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What’s New in Mass Spec?

Photo by ucumari photography / CC BY

Just how small can portable mass spectrometers get? 

It’s a fascinating engineering problem that could open up a raft of new application areas. Which is why I was intrigued to see that researchers from Taiyuan University of Science and Technology, China, have got theirs down to just 5.2 kg in weight. To construct the handheld device, the team integrated three technologies: discontinuous atmospheric pressure interface, sinusoidal frequency scanning ion trap driving, and Faraday detection. The end result is a 21 by 21.6 by 12.3 cm mass spectrometer with a two-hour battery life. The researchers believe the device could be used for rapid analysis in a field hospital setting or in the emergency room. They also hinted at potential applications to chemical warfare agent analysis. 

The pen is gentler than the sword

The MasSpec Pen, a portable MS device developed by Livia Eberlin, is most well known for its cancer-detecting capabilities. Here, Eberlin and her colleagues have branched out into a new and unexpected application area: poison frogs! Poison frogs are well-known for their ability to store alkaloids in their skin as chemical defense against predators, which can be difficult to sample without harming the frogs or causing a stress response and affecting the results. The team reported “rapid (<15 s), gentle, and consecutive molecular analysis without harm or undue stress to the animals.” If you want to read more about Livia Eberlin, we Sat Down With her in 2019. 

Proteomic insights into reductive stress cardiomyopathy 

Two years ago, researchers at the University of Alabama at Birmingham, USA, reported that reductive stress – an imbalance in the normal redox homeostasis – caused pathological changes associated with heart failure in a mouse model. This work was a follow-up to their 2018 clinical study that found about one in six heart failure patients shows reductive stress. Now, using tandem mass spectrometry, they have extended our understanding by disclosing a likely proteome signature for reductive stress cardiomyopathy (again in mice). They found about 560 proteins were differentially expressed, and 32 proteins were significantly altered. “Our results provide a rationale to develop personalized antioxidant therapeutic strategies to avoid reductive stress-mediated proteome alterations in humans,” said research lead Rajasekaran Namakkal-Soorappan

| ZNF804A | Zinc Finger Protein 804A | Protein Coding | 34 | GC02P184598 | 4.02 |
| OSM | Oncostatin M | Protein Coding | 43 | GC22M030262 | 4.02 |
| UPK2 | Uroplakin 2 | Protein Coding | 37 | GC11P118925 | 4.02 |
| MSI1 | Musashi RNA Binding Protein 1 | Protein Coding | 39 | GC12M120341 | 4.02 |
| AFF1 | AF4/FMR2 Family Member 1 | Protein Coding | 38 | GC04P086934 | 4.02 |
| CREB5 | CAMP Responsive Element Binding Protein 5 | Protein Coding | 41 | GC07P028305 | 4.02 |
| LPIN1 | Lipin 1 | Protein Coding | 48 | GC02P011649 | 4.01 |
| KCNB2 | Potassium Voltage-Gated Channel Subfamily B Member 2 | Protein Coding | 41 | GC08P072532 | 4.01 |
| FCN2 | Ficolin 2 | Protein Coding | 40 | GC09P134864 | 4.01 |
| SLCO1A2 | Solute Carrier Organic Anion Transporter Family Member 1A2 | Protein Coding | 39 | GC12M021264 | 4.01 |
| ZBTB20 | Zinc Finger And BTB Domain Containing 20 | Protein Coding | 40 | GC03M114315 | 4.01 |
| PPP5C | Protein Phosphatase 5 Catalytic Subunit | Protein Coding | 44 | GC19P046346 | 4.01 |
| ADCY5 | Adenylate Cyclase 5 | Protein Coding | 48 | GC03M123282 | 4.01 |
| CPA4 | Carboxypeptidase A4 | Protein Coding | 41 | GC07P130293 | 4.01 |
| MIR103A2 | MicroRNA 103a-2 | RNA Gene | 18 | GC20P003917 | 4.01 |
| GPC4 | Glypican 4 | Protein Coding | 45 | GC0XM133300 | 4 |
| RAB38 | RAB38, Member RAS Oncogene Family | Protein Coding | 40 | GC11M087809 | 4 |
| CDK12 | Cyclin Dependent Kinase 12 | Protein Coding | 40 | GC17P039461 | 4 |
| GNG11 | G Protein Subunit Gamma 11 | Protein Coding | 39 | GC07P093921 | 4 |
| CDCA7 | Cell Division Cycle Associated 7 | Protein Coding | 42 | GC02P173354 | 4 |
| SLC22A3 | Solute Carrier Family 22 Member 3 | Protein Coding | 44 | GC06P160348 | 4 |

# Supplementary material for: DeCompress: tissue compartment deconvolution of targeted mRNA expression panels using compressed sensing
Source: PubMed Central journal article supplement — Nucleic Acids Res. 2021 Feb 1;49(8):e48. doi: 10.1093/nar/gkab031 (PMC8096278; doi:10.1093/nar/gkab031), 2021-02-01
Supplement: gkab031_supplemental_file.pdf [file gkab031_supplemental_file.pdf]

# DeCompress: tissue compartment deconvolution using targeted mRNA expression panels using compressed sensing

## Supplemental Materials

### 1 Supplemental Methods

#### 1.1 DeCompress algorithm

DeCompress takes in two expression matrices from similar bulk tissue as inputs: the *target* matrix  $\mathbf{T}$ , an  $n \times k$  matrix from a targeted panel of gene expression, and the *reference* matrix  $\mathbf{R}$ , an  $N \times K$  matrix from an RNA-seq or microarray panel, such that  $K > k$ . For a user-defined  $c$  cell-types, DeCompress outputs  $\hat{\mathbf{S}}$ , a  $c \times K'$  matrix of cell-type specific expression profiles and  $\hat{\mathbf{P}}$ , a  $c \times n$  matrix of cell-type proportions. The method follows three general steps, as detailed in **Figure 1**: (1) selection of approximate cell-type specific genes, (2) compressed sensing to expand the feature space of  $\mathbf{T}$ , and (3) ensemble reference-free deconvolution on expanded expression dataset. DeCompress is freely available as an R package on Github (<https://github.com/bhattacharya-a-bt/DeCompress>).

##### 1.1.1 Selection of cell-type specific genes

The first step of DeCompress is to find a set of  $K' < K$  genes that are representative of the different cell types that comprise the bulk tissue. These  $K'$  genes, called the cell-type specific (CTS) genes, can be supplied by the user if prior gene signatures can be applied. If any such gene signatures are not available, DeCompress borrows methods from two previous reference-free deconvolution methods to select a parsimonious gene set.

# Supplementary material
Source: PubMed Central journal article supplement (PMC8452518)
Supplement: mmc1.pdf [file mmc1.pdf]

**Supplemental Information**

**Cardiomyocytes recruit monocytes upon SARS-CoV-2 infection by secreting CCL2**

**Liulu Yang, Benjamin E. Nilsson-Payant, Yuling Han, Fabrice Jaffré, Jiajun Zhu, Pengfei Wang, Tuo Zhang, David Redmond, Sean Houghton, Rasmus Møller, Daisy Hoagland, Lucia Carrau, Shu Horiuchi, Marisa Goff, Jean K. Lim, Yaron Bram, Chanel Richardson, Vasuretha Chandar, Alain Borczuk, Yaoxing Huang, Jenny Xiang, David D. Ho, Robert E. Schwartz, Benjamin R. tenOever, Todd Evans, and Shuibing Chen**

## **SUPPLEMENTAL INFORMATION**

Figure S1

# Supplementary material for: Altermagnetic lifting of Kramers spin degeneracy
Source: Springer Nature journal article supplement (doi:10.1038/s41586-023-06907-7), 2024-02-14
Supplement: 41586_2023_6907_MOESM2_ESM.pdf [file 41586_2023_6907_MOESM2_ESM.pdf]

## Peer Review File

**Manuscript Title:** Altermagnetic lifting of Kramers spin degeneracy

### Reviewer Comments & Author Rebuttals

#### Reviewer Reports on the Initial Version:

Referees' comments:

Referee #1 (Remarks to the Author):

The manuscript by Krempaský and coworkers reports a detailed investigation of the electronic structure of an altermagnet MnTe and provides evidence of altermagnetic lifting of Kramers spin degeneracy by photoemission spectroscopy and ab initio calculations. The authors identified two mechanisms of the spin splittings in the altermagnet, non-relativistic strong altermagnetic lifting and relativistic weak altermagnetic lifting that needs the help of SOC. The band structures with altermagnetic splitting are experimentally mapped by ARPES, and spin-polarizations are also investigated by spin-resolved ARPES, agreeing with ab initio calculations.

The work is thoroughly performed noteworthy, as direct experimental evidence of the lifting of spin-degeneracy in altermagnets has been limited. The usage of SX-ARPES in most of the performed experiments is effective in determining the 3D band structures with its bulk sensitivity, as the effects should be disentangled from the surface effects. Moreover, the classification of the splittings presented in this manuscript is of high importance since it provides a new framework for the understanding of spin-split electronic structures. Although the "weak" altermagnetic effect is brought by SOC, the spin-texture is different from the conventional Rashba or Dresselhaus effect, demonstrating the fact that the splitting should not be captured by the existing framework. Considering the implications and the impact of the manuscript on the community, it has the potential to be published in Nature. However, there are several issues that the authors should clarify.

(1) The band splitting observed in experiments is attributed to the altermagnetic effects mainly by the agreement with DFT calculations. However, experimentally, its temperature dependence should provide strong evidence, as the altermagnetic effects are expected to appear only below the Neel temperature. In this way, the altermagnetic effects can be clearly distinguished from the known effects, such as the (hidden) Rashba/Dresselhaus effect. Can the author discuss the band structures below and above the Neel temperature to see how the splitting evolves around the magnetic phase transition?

Pattern finding universal language 

One paper in particular got #TeamMassSpec talking this month – a preprint by Mingxun Wang and colleagues introducing Mass Spec Query Language (MassQL). “The richness of untargeted mass spectrometry data is a blessing and a curse,” said Ming. “We created MassQL to help mass spectrometry users to sift through this deluge of data and find exactly the molecules and classes of molecules they were looking for by defining their own MS data searches.” MassQL is open source; and in the words of Pieter Dorrenstein who was involved in the project, “This is one of those papers that will transform how metabolomics data patterns at the spectral level within one project or repository can be analyzed.”

Also in the news...

Imaging mass spectrometry data suggests cholesteryl ester transfer protein (CETP) activity affects brain health by modulating cholesterol distribution and clearance. Link 

Combination of differential ultracentrifugation and quantitative MS shows that the proteome of large and small extracellular vesicles are substantially dissimilar. Link

Levels of fifteen lipid compounds associated with various biological processes, including impairments of membrane integrity, mitochondrial dysfunction, and oxidative stress are significantly different between PTSD patients and healthy control subjects. Link

The Matthias Mann lab quantifies 7,000 proteins and 35,000 Class I phosphosites in 21 minutes by combining DIA and parallel accumulation–serial fragmentation (dia-PASEF) on a Bruker TIMS–TOF mass spectrometer. Link

MS-based proteomic and phosphoproteomic analysis used to identify biological markers in triple negative breast cancer that are associated with resistance to chemotherapy treatment. Link 

Research from Baran Lab reveals intermediate states of protein unfolding using variable-temperature ion mobility–MS. Link

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About the Author
James Strachan

Over the course of my Biomedical Sciences degree it dawned on me that my goal of becoming a scientist didn’t quite mesh with my lack of affinity for lab work. Thinking on my decision to pursue biology rather than English at age 15 – despite an aptitude for the latter – I realized that science writing was a way to combine what I loved with what I was good at.

From there I set out to gather as much freelancing experience as I could, spending 2 years developing scientific content for International Innovation, before completing an MSc in Science Communication. After gaining invaluable experience in supporting the communications efforts of CERN and IN-PART, I joined Texere – where I am focused on producing consistently engaging, cutting-edge and innovative content for our specialist audiences around the world.

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